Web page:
Playing cards was just simply a part of my life as a kid. I grew up before cell phones and computers were in the lives of common folks. We had to entertain ourselves with simple things like cards. In my family we would play cards when relatives would come to visit, and we would play cards to pass the time on Christmas and summer break when the days were long and there wasn’t much to do. My card playing years were about 1978 – 1984, I was between 8 and 14 years old. Little did I know that the act of playing cards those years was simultaneously embedding memories in my brain that would surface some thirty plus years in the future.
Somewhere out in the world at that time was someone whom I had yet to meet and would not meet for decades to come, but whom I would also play cards with. Maybe he was playing cards in those years too. During my card playing years he would have been in his 50’s. Someone that would have seemed old to me at the time, as he was only three years older than my maternal grandfather. It would have been impossible for my younger self, the girl I was in those years, to have imagined making a friend out of someone that much my senior. His generation was so foreign to me. They were the people who lived the history that movies were made of. They were they people that would dance the jitter bug and listen to radio programs before television. They were from a bygone era and I thought would be gone by the time I reached this current era.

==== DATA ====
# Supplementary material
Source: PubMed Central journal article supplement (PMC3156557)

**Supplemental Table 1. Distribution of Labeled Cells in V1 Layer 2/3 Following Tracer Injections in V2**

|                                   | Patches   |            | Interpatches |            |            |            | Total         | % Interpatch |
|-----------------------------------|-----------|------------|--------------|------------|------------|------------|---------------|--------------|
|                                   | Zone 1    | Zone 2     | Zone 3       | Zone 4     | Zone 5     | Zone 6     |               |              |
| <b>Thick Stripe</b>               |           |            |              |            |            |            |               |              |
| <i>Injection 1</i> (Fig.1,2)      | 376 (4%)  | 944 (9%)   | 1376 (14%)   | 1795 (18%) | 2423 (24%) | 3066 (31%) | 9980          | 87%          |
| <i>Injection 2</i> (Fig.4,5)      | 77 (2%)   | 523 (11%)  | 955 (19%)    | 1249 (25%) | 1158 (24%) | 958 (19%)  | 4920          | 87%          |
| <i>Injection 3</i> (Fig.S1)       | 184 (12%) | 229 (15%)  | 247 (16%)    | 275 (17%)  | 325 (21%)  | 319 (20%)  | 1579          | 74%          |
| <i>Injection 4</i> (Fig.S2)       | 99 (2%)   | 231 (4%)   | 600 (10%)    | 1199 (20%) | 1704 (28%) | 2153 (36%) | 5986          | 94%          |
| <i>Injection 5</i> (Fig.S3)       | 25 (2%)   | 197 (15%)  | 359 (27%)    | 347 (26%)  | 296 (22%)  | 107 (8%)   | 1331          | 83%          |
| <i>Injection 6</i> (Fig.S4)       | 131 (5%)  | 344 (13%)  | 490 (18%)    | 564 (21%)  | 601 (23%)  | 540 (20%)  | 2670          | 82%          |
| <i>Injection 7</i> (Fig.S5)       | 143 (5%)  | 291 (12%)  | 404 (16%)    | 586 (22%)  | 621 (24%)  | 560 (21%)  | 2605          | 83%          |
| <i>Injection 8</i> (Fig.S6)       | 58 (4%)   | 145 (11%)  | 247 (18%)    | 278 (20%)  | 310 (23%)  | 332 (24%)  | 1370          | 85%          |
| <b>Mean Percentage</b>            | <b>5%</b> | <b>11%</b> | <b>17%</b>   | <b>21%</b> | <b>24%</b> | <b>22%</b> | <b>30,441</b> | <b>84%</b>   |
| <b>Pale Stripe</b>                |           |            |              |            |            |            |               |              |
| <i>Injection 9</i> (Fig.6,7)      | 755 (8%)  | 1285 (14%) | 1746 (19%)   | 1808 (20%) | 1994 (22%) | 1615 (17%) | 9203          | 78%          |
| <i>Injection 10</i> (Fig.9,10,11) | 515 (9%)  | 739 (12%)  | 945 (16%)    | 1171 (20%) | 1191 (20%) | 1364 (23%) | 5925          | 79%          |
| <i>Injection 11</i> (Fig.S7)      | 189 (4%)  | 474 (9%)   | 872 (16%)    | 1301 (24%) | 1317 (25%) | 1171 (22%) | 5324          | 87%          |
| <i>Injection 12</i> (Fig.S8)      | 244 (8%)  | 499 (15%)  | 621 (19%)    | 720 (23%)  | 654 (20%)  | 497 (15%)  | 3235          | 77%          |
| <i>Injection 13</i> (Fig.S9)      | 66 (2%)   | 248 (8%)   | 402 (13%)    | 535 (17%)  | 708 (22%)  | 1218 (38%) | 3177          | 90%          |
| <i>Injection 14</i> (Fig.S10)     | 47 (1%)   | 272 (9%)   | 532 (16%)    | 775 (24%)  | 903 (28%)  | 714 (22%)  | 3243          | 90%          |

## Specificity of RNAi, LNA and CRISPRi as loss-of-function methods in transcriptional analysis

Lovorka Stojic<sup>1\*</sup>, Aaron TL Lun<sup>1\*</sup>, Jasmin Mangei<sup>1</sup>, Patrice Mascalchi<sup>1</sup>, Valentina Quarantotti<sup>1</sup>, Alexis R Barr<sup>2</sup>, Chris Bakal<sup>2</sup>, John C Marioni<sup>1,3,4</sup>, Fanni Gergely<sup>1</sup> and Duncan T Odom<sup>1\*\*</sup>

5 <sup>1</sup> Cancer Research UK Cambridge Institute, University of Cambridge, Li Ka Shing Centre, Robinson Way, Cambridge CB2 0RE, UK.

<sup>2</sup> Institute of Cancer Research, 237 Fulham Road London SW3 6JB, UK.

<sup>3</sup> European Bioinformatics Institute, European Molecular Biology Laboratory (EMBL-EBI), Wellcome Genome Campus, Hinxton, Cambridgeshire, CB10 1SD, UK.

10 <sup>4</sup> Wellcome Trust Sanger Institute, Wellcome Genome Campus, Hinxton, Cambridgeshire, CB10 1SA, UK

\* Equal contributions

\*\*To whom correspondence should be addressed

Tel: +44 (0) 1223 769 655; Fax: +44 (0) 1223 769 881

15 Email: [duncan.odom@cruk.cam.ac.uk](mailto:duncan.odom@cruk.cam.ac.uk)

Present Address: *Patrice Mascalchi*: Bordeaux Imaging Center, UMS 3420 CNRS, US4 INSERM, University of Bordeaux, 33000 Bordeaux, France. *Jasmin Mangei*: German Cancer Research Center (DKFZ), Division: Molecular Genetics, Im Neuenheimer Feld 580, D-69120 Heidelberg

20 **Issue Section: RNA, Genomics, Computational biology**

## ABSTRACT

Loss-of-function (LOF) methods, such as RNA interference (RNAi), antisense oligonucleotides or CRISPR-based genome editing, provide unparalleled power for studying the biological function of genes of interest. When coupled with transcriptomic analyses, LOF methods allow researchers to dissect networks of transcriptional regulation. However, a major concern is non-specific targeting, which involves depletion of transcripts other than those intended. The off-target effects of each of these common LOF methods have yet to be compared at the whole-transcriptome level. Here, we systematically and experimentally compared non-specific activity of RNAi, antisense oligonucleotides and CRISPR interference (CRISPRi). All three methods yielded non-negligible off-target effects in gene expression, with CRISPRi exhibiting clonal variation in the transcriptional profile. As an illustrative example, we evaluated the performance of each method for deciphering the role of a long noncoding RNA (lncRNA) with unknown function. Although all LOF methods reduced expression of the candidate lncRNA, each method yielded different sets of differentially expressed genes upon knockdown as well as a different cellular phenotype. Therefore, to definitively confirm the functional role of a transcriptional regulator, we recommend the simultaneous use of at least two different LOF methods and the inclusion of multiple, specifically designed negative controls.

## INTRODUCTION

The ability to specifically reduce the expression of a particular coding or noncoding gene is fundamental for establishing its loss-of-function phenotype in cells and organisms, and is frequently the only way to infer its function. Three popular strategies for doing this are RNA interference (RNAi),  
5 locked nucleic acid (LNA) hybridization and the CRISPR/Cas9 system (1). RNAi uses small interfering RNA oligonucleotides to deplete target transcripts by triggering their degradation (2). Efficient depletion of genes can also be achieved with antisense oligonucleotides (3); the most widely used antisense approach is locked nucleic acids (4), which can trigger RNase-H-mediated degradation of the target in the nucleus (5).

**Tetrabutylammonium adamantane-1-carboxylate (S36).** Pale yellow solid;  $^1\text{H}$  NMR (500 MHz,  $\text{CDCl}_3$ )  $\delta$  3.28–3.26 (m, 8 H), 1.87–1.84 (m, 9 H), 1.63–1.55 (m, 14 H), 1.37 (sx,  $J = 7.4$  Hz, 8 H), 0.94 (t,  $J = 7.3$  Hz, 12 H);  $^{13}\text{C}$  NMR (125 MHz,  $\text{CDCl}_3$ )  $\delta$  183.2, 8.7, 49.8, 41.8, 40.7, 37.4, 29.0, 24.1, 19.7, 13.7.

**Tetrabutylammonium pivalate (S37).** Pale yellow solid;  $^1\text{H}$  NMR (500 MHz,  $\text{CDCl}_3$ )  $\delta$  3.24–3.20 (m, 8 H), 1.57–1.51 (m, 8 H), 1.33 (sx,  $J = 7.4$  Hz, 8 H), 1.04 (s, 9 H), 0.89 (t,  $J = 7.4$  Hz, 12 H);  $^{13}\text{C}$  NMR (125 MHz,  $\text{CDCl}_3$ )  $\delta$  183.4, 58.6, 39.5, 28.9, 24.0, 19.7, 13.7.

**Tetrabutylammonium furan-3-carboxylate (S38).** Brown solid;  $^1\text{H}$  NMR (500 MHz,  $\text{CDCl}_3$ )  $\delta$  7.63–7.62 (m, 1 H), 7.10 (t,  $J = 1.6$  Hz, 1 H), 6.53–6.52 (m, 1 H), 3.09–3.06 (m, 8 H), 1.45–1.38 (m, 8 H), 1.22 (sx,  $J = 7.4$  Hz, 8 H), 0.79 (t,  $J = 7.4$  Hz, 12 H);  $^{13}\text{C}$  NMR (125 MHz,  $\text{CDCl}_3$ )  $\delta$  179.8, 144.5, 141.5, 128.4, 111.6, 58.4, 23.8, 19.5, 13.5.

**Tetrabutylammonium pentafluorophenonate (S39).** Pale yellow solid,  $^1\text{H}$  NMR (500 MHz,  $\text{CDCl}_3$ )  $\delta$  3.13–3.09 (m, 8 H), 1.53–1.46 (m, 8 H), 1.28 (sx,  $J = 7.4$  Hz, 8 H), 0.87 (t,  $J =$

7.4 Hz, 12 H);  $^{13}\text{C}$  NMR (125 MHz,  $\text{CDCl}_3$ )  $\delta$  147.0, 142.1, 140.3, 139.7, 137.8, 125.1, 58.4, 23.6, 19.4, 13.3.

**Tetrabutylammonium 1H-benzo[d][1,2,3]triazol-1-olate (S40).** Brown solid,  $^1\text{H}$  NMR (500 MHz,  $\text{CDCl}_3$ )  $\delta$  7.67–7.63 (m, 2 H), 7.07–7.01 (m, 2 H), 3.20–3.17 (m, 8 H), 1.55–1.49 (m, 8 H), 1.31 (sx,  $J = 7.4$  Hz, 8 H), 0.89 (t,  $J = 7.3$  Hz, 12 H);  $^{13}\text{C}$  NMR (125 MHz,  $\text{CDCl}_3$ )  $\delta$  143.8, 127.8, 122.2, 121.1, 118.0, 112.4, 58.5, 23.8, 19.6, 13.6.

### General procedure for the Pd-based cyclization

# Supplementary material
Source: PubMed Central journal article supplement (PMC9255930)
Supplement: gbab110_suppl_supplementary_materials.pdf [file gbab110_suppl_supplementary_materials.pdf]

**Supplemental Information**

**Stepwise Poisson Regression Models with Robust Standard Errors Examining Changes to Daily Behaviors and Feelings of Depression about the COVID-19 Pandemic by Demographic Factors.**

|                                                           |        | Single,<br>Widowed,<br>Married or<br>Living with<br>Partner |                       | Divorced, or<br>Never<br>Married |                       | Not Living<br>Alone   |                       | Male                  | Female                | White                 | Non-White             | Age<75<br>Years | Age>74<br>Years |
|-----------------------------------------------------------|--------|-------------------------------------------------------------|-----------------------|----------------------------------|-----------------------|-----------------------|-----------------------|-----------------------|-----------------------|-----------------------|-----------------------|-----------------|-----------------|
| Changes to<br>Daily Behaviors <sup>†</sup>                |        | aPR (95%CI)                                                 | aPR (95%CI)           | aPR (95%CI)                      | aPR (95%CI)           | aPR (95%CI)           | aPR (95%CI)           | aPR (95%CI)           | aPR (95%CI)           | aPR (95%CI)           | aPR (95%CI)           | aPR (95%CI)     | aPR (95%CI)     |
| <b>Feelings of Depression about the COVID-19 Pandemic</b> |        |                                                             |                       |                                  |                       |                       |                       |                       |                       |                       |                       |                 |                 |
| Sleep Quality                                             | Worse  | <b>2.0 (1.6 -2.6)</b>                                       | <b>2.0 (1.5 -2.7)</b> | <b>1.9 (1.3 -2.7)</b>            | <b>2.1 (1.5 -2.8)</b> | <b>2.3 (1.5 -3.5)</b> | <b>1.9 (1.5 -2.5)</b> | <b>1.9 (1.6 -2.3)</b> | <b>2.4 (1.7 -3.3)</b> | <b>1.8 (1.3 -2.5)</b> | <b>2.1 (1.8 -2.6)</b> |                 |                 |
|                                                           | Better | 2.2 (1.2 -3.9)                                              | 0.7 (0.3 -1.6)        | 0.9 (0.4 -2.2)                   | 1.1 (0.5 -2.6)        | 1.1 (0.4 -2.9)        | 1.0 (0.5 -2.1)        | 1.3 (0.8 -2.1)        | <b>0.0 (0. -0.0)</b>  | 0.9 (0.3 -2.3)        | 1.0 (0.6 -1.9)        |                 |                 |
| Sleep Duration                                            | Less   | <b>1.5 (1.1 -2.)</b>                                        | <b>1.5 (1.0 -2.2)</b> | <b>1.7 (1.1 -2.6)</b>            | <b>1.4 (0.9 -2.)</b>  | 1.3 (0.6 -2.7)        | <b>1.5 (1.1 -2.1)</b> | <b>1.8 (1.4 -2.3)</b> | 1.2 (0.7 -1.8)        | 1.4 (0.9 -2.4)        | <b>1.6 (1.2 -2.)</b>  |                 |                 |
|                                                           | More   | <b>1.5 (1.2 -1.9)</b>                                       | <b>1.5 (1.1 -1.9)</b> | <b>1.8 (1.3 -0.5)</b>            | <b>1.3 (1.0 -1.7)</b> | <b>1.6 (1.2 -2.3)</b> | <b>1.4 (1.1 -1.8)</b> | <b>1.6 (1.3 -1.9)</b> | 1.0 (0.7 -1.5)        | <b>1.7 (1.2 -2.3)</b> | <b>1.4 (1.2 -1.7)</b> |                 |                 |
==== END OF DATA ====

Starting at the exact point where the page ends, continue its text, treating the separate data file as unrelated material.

John is this friend that I would play cards with. A surprise in my life. A link to my past and a hand to help me go into my future. There were connections that I have tapped into as I have spent time with him; things that surprised me and that I hadn’t bargained for.
Fast forward from my card playing years to now, 39 years into the future, and I would find myself needing a part-time job to pay for an online school for my youngest son. I only needed to make a little per month to take on this new expense. I wasn’t looking for a career, my career was still to be wife and mom, but I was looking for a paycheck. I took on a job with a company that hire caregivers to people who needed help in their later years. In late October of 2016 I was asked to fill in for another caregiver at John’s house. My other client had gone into the hospital and I was no longer needed there and I needed to do some temporary fill in jobs to get some work hours.